The island is home to many different groups of people; Buddhists, Thai-Chinese, Muslims, Christians and even Chao Ley Sea Gypsies. All these different groups live together in harmony and there are frequently religious celebrations and parties going on. Check before you visit so you don’t miss a great chance to party with the locals!

Getting to Koh Lanta

Fly: The nearest airports to Koh Lanta are Krabi, Trang and Phuket. Air Asia offer three daily flights and ferry service to Lanta from Bangkok via Krabi airport.

Drive: There are no roads connecting Lanta to the mainland, but you can get a seat in a minivan from Krabi to Lanta for as little as 300 Baht, which will include car ferry ticket. These do not offer much room for you luggage, so if you are travelling with all your dive gear then you may need a private taxi. You can expect to pay 2500 baht for the taxi, but you can usually find a few people around who are looking to share a ride with other over encumbered tourists.

Boat: Ferries run from Krabi, Ao Nang and Phuket via Koh Phi Phi to Koh Lanta. During high season there are ferries direct to the island, and during low season the ferries may not go out at all depending on the weather conditions and the demand.

Getting Around

The islands main roads are in pretty good condition, however when you stray from the main roads you can expect the concrete to crumble into dust in many places. You can hire a motorbike for as little as 200 baht a day (plus a security deposit). You can also hire a Jeep style car for 1200 baht a day if you are a multi person party. If you don’t want to drive then both motorbike and truck taxis are available, the prices vary depending on where you are going/coming from.

Eating & Drinking

Being southern Thailand, the food is generally quite spicy. Much of the food has its origins in Malay, Indonesian, Thai and Indian cuisine. Massaman curries are fantastic in the south, and you can get Krabi’s famous wing shell. You can get a wide variety of food from beach front restaurants, but the most common is the open air Thai restaurant, so think banana pancakes, curries and Pad Thai. Many of the restaurants offer seafood BBQs, and the fish is mostly local and fresh.

Koh Lanta doesn’t have much of a party night life, which is one of the reason why the Island is more popular with families and laid back travellers. Because the island has doesn’t attract the bucket drinking twenty something year old tourists, the police are more lenient about the hours that bars are allowed to be open, so they usually close when the last customer is ready to leave. There is always something going on but the parties are much more relaxed than other Thai islands.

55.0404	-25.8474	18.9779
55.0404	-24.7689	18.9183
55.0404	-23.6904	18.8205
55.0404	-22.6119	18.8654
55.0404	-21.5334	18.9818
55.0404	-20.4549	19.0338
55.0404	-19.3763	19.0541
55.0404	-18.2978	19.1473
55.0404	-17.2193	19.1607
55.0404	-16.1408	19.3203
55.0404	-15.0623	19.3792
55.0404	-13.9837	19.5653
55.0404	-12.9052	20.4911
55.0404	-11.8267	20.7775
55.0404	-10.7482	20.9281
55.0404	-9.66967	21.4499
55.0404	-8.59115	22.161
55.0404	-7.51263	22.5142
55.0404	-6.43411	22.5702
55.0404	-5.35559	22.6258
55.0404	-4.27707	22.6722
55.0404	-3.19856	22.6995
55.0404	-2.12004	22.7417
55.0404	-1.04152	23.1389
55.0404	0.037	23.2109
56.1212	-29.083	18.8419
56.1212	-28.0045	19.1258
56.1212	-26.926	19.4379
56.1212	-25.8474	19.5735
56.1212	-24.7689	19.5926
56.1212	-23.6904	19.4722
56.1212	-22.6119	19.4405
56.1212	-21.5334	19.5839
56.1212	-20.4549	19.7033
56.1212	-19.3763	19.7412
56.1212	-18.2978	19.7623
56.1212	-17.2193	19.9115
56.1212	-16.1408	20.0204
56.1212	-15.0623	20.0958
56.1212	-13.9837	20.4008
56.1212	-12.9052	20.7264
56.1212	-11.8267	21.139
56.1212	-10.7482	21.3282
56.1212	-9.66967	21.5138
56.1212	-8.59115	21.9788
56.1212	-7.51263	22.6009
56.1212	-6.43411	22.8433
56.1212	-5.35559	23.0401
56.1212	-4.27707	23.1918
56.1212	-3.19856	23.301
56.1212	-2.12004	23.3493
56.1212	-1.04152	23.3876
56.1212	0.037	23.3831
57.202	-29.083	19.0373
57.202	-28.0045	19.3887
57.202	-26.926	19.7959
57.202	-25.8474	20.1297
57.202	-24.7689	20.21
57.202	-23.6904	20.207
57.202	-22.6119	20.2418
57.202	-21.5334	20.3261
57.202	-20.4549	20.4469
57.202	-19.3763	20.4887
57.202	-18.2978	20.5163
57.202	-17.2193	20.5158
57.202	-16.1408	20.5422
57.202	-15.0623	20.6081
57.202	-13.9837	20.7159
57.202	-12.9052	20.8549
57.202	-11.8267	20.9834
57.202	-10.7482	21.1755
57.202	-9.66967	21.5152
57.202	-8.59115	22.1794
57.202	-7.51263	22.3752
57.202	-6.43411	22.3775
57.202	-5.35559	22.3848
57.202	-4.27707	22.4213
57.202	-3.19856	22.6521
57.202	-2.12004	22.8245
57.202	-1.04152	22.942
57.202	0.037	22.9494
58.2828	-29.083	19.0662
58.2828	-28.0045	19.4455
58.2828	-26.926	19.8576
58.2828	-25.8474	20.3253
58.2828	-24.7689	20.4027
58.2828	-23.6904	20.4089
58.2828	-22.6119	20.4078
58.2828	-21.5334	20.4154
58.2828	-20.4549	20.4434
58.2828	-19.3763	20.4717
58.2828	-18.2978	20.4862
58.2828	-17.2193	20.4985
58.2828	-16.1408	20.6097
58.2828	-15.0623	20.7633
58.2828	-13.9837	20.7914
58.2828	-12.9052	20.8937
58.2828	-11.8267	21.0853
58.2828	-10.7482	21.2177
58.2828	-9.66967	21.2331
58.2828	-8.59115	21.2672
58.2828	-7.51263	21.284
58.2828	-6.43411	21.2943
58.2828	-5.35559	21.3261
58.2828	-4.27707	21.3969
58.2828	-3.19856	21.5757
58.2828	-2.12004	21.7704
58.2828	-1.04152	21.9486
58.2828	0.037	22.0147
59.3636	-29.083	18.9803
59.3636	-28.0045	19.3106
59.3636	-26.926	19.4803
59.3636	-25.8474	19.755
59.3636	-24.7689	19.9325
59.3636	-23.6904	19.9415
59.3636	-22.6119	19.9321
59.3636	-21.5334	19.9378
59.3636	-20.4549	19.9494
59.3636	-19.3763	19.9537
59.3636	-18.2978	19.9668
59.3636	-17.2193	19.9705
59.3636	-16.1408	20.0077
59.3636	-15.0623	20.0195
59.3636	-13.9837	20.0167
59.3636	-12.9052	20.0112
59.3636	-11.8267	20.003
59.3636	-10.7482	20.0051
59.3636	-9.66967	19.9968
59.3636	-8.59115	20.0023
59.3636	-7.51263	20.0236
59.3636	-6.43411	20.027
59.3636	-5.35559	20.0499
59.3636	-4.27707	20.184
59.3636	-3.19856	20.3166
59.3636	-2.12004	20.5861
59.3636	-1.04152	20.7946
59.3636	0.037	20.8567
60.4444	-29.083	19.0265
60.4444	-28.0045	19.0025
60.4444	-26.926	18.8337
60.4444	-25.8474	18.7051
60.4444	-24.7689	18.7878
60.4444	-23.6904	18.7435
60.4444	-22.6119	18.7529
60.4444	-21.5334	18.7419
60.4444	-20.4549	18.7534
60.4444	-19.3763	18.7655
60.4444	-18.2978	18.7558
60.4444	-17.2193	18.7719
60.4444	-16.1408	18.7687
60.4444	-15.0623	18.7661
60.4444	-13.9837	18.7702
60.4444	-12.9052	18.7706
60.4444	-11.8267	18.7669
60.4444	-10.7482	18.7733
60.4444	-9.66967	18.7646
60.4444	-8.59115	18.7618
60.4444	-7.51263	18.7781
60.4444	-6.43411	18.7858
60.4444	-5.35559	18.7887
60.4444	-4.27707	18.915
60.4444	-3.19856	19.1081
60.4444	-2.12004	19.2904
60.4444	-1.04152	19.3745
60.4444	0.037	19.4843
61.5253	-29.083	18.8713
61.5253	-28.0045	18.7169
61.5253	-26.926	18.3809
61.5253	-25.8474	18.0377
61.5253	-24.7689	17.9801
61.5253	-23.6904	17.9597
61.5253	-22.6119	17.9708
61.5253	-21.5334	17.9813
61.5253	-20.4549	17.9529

For most of the year there is no need to book accommodation in advance, but in peak season you may struggle to find a cheaper room without advance reservation. A basic room on the islands most northerly beaches (near the main town) will set you back about 1200 baht per night, and this will be a basic air con bungalow or hotel room. As you start to head south the rooms get cheaper but transport becomes harder, so it might be a good idea to get a motorbike. As you get near the southern beaches you can find picturesque en-suite beach bungalows for less than 500 baht, making it one of the cheapest and more beautiful islands to stay on. Room’s prices vary depending on the season, and if you travel here during the low season you can get a really nice room for next to nothing.

Non Diving Activities

Cave Exploration: Located in the centre of the island are the Khao Mai Kaew caves. These caves house amazing stalagmites, stalactites and some amazing rock formations. Some of the caves are huge, and one of them contains a pool. You need a guide to go inside the caves, but one is cheap, costing around 200 baht. The caves are slippery so you will need some proper footwear.

Kayaking: The eastern shoreline of Koh Lanta is covered in mangrove forests and caves that are best explored by kayak. You can also kayak in the mangroves at Baan Tungyeepend and the limestone cliff, Koh Talabeang.

Hiking: The size and topography of the island makes it perfect for exploring by foot. The southern tip of the island is National Park land, where you have the chance to explore ancient rainforest, swim in waterfall pools and get a great view of the southern coastline.

Festivals: Because of the mixture of different of religions and cultures that inhabit the island, there is always a celebration of some kind. Festivals take place throughout the year and everyone is welcome to visit and join in the fun. Check ahead about dates before you visit so you don’t miss any of the fun.


Koh Lanta is a very safe island and the different cultures all live together in harmony. The crime rate is very low and law enforcement are stationed on the island. The island was hit by the 2004 Boxing Day (December 26th) Tsunami, and 20 people lost their lives. Since then most businesses are operating normally again, and you don’t really see any evidence that it actually happened. The likelihood of another one happening is very low, however after the 2004 tsunami the Thai government install a warning and evacuation system in all areas likely to be effected by one in the future. This was tested in 2012 when an earthquake occurred near Indonesia, and although no major tsunami happened, everyone was evacuated quickly.